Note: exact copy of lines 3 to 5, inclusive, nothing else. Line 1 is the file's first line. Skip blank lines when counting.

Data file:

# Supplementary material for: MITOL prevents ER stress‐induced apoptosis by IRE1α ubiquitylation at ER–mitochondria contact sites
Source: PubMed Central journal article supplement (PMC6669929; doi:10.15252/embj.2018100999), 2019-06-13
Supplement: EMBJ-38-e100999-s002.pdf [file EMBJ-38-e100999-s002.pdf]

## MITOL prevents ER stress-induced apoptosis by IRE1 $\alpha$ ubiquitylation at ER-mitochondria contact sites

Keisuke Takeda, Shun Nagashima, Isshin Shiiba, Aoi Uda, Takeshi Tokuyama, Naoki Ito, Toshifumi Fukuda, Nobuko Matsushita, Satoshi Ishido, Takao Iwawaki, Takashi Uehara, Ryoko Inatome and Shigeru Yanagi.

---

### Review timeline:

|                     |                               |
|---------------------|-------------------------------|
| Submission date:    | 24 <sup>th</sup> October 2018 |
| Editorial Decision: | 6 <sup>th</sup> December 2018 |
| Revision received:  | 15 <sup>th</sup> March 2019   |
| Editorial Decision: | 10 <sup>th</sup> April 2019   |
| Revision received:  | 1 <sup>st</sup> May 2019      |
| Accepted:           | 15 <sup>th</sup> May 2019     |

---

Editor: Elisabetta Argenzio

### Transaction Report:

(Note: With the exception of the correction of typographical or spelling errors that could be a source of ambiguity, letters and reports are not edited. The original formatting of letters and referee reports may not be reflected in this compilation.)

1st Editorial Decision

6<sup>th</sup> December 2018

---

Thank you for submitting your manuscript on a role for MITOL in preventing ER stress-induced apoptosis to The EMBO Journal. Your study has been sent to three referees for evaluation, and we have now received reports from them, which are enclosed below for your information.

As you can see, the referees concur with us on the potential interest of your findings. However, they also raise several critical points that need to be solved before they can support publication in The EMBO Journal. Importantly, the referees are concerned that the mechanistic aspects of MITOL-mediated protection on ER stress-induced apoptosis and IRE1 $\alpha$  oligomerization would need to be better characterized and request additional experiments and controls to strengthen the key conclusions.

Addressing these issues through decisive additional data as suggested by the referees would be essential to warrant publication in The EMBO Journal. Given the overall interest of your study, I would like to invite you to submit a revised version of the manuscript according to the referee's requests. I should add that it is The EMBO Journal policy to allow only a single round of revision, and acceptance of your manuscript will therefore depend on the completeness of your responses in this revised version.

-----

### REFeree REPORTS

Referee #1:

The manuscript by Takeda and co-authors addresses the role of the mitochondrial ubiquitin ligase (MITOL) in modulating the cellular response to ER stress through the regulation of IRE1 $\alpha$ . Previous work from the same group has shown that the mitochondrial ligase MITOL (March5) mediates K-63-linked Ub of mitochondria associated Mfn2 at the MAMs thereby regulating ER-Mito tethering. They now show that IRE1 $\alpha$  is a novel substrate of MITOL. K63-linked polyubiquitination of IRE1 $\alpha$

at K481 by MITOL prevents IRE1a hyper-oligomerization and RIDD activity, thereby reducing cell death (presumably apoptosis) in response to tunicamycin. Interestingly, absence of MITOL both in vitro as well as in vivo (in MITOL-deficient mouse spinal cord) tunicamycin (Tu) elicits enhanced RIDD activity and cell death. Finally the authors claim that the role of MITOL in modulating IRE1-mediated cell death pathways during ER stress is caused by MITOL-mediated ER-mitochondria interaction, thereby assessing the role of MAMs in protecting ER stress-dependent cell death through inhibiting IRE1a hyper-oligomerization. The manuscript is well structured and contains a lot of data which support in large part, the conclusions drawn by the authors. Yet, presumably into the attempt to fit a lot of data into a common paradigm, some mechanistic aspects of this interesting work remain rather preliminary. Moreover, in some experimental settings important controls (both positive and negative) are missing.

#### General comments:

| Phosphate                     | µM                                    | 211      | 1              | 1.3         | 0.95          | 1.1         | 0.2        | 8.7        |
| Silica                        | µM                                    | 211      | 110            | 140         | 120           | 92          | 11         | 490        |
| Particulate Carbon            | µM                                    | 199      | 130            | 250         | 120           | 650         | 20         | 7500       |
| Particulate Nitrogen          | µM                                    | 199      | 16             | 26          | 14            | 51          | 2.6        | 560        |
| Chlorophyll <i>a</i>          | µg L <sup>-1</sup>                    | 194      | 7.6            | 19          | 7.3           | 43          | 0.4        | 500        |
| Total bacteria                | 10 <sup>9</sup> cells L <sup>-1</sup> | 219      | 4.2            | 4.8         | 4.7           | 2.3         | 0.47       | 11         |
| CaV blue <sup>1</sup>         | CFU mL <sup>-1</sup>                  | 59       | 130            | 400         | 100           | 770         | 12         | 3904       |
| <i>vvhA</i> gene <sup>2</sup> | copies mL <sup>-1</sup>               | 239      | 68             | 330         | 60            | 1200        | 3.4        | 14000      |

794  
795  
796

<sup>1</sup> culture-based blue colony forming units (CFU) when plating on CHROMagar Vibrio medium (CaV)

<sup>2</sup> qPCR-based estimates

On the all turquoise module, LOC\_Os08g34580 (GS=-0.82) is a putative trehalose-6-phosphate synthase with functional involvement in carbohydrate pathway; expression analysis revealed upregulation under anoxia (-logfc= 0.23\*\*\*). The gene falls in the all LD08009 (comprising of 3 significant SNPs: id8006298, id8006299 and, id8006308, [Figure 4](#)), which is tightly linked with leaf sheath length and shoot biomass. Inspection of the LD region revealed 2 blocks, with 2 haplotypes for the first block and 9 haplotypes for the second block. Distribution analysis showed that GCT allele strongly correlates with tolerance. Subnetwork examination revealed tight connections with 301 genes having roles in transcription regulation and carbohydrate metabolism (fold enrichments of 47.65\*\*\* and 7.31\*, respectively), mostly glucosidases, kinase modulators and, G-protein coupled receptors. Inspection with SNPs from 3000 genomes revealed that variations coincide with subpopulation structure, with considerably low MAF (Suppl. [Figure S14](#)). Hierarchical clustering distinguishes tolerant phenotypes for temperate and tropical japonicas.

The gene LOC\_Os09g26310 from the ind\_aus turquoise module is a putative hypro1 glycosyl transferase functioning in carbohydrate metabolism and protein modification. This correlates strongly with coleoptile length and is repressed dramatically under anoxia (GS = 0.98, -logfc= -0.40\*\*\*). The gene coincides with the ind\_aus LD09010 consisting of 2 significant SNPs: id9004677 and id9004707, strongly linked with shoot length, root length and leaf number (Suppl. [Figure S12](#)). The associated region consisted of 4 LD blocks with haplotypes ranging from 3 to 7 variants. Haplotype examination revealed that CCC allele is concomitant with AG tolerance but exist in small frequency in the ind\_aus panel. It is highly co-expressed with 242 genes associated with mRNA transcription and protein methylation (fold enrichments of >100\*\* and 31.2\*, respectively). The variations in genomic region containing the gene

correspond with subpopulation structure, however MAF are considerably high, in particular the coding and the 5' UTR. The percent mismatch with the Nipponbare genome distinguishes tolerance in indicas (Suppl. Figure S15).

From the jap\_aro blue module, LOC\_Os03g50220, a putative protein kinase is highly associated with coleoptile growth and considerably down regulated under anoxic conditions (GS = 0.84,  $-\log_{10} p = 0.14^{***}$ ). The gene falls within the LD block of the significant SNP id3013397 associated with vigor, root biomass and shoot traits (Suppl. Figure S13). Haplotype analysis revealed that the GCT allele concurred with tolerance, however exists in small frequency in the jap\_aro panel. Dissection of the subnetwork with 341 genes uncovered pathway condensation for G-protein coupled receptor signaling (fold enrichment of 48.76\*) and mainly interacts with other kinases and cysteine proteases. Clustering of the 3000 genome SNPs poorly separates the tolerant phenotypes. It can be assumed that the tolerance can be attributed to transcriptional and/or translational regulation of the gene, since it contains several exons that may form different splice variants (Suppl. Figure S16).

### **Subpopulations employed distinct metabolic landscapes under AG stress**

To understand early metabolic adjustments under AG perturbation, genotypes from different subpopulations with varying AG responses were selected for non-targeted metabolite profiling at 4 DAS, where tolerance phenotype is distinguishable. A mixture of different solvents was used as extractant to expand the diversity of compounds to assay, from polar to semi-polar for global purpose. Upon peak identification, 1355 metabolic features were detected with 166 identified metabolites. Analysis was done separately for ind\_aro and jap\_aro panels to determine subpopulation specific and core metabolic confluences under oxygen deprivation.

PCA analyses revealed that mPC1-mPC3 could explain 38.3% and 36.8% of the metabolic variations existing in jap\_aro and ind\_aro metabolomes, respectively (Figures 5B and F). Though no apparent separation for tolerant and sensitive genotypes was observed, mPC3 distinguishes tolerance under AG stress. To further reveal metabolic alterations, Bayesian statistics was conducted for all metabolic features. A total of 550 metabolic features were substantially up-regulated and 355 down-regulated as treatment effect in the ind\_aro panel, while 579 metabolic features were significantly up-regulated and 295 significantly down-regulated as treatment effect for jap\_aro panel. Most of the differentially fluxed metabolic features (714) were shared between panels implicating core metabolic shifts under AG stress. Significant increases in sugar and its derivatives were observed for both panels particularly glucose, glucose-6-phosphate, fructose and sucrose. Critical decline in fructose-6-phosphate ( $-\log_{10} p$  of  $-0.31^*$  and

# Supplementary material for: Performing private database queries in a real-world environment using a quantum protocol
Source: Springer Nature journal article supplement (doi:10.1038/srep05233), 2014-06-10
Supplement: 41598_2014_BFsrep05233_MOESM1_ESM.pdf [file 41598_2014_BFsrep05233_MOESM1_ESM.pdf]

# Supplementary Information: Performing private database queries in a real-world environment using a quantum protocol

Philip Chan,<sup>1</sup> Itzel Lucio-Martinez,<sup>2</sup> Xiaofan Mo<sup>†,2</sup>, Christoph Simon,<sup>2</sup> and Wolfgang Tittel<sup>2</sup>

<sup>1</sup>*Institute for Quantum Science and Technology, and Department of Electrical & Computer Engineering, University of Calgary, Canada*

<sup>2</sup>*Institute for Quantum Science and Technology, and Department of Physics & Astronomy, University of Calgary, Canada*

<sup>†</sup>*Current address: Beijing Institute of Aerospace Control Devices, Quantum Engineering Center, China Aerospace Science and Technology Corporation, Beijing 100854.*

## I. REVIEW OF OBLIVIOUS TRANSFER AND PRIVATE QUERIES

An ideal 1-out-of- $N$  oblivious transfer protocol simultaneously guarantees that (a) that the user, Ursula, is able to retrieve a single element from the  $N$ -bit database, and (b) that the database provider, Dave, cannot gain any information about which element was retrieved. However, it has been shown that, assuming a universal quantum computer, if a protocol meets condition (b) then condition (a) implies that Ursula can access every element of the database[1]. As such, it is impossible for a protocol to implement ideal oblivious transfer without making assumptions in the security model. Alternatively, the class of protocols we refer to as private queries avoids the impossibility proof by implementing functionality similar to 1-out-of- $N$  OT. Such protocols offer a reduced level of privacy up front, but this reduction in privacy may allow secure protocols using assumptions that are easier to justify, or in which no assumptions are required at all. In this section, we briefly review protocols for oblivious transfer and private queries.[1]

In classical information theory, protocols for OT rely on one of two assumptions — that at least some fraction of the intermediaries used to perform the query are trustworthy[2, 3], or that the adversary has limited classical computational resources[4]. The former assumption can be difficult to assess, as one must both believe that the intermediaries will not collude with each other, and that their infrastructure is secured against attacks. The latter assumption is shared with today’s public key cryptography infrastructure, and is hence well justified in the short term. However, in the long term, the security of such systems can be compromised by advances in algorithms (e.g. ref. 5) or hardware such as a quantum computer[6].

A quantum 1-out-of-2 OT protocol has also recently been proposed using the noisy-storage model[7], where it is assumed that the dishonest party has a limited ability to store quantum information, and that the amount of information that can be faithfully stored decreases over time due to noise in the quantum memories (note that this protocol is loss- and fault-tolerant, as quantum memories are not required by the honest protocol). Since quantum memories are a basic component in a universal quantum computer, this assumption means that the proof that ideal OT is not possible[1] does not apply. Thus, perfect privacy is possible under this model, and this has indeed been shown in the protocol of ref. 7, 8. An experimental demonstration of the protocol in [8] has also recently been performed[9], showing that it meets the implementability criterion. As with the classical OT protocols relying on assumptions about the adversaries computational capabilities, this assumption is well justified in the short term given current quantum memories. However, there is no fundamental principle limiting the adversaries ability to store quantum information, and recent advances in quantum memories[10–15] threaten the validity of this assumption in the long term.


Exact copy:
Supplement: EMBJ-38-e100999-s002.pdf [file EMBJ-38-e100999-s002.pdf]

## MITOL prevents ER stress-induced apoptosis by IRE1 $\alpha$ ubiquitylation at ER-mitochondria contact sites

Keisuke Takeda, Shun Nagashima, Isshin Shiiba, Aoi Uda, Takeshi Tokuyama, Naoki Ito, Toshifumi Fukuda, Nobuko Matsushita, Satoshi Ishido, Takao Iwawaki, Takashi Uehara, Ryoko Inatome and Shigeru Yanagi.